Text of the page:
It was evident that the hour was at hand, for the Chinese appeared to be considerably perturbed. At a quarter to 2 o'clock a most unearthly din was heard coming from the yard, and the front-door of the Joss House being thrown wide open a strange procession entered. First came a young Chinese strenuously beating a gong, followed by Chick Tong and George Shue bearing between them a small strip of cloth half rolled up. There was a canopy of the richest material magnificently embroidered and embellished held over their heads, while above that was raised an enormous leaf-shaped fan composed of stuff similar to that in the canopy. Behind the two last mentioned came an old Chinaman with prominent cheek bones, hollow jaws, and lacklustre eyes. This was the priest, and he was attired in a surplice of red flannel relieved by chintz borders, and a rural scene painted on the part covering the small of the back. He wore a black cap, with red border and a golden knob on the crown. In his hand he held a circular plate of iron, which he kept beating with all his might. Following him came the rabble, beating drums and gongs and playing on reed instruments in a most infernal way, while outside there were the crackle and roar of the exploding fireworks. When the procession reached the altar the cloth was unfolded and hung in the centre niche just covering the body of the terrible dragon-headed monster. This was no sooner done than eager hands tore away the crimson paper hiding the objects in the niches, and there were revealed to the gaze several bronze idols. Then one after another the excited Celestials fell upon their knees and bowed their heads three times, touching the floor with the forehead. The priest next took a branch, and,dipping it in a bowl, sprinkled the idols, the altar, and the building around, muttering to himself while doing so. This being done, Way Hop entered with a live cock, and the comb on its head was solemnly bled. Taking a pointed stick the priest set up a low, weird chant or wail, and proceeded to anoint the idols on various parts of the body with the blood of the cock. On beginning this work hundreds and hundreds of tapers were brought and added to those already lighted. Then the awful orchestra set up its ear-splitting noise, which it continued until being signalled to stop by the priest. The old man went round to all the statues, anointing each one, and chanting his mystic wail. When he concluded this task, the Chinese began to genuflect with amazing rapidity, grovelling abjectly and bobbing like marionettes. Bundles of printed gilt paper were burnt, and the house now fairly reeked with the smell of roast pig and the rancid tallow from the candles. It was hot as an oven, full of smoke, and the air was close and stifling. As soon as some of the smoke had cleared away, tho old priest was seen standing before the altar, still chanting, but in a louder voice, while kneeling behind him were Chick Tong, George Shue, Way Hop, Wam Yo, and Tong Wah, the trustees of the house. By anointing the idols with the hot blood taken from the head of the living cock.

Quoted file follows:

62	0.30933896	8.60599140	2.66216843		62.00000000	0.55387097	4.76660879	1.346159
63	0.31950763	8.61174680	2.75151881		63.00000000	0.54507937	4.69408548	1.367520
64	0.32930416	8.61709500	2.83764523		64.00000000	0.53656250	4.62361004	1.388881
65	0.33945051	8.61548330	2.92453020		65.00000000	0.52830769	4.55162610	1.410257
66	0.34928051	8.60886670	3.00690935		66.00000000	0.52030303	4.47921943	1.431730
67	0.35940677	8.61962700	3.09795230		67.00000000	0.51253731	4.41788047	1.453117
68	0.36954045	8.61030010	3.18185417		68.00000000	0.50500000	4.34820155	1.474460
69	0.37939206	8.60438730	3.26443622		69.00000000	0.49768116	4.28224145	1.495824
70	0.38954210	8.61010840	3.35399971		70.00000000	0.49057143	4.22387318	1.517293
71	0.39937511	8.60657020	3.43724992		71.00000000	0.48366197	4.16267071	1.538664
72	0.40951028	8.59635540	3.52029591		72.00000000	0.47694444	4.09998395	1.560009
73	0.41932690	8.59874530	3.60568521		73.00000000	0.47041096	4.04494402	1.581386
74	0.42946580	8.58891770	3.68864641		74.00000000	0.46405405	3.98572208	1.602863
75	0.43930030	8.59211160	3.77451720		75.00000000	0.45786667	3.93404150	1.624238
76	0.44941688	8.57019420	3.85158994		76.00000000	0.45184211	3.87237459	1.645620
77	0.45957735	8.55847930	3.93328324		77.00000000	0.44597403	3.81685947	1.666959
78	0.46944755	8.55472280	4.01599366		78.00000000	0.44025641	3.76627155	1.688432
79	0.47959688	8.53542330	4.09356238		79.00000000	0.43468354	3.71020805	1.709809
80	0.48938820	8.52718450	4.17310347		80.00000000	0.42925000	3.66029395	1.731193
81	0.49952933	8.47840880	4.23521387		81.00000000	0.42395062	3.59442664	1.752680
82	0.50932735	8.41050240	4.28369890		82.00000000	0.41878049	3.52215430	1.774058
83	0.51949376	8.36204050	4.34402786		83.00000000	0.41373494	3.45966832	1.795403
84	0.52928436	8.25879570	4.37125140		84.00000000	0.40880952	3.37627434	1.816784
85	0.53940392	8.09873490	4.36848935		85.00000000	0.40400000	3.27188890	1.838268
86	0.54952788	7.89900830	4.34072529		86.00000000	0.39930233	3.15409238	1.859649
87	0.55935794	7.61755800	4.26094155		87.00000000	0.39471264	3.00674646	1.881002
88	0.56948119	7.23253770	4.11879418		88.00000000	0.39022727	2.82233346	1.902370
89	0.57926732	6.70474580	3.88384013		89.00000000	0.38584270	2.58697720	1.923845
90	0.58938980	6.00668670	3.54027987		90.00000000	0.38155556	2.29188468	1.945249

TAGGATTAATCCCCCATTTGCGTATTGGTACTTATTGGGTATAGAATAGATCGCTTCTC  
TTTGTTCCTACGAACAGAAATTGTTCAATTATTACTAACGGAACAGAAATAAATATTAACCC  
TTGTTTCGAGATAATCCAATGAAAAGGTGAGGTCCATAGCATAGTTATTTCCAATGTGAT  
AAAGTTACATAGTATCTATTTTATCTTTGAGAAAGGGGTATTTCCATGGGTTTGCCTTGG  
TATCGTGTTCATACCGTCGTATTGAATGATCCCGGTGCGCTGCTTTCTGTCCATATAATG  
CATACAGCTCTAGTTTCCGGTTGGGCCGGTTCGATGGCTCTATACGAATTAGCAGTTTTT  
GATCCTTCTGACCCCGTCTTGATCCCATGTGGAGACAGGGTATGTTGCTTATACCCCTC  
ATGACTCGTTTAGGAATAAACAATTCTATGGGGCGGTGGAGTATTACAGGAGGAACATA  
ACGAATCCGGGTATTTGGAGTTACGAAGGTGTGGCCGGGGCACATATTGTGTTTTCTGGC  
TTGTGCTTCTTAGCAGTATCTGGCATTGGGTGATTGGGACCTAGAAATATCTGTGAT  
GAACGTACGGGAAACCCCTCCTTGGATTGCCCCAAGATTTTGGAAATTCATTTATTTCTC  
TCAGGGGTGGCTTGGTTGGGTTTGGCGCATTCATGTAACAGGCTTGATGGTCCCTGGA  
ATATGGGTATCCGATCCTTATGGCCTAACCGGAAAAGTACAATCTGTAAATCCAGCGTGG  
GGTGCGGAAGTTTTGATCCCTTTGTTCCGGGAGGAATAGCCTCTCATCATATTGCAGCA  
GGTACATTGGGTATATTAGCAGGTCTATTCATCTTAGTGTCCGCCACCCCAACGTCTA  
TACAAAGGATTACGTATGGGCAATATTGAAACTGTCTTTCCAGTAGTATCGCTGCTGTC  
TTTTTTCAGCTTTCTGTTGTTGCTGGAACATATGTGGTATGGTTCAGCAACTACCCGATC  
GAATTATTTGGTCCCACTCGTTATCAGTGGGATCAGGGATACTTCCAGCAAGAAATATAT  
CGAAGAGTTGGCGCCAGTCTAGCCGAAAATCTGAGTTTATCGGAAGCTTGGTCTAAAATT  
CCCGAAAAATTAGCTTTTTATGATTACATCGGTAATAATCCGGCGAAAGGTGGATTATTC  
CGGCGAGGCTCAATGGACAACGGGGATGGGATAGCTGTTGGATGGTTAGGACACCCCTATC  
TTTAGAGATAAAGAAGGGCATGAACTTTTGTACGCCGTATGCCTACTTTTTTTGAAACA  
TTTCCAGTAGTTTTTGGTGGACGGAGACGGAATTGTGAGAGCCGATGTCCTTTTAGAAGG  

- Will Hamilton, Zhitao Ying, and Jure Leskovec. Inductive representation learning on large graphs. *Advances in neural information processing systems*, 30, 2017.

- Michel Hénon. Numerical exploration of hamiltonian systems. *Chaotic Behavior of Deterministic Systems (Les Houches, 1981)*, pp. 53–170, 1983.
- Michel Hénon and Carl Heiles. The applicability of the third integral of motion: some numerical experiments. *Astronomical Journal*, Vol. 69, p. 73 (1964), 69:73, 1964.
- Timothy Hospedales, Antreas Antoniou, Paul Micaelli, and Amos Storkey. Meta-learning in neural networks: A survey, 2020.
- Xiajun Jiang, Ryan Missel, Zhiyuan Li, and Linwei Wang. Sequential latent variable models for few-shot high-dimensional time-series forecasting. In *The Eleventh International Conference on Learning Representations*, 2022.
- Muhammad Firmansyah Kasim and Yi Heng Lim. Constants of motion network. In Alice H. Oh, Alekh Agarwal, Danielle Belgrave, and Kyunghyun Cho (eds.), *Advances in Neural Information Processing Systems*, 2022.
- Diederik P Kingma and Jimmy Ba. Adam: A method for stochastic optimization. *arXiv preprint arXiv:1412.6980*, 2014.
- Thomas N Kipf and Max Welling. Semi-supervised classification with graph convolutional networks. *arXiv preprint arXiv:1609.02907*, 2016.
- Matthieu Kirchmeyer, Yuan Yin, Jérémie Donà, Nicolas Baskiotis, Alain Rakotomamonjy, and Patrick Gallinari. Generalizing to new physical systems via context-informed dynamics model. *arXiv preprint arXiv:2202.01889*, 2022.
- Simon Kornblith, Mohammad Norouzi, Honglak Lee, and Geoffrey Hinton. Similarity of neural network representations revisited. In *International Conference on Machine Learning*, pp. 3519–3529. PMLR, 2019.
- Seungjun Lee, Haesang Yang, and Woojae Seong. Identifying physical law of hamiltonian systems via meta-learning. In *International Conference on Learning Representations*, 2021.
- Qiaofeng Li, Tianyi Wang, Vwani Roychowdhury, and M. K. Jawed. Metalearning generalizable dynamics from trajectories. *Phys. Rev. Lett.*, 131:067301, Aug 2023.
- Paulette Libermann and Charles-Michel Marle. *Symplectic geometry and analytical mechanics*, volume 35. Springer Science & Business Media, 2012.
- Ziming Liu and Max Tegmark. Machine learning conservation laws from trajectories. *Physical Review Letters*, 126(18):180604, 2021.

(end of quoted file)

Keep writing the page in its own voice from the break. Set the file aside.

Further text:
The Chinese, believed that life had mysteriously entered the statues. Now the priest was informing the Trinity who the trustees of the church were, and invoked the god to guard them from all evil. The invocation lasted until 3 o'clock, and it concluded in a decidedly ludicrous manner. In finding out if the Great Spirit had come among them, and whether he intended watching over his people,the priest tossed in the air two pieces of wood,which fell on the floor, and were feverishly scanned by the kneeling trustees. There was a favourable reply from Joss after seven tries,and a cry of thankfulness broke from the motley crowd. After this the trustees bowed to each other with clasped hands, and the singular service terminated.
Feature about the temple published in The Queenslander, 1906.
The Holy Triad Temple, 1987.
'OPENING OF THE JOSS HOUSE.', The Brisbane Courier, 22 January, 1886.
'Bhudda and Cofuscious in Brisbane' The Queenslander , 4th April, 1903.
State Library of Queensland, John Oxley Collection.
Department of Environment and Heritage Queensland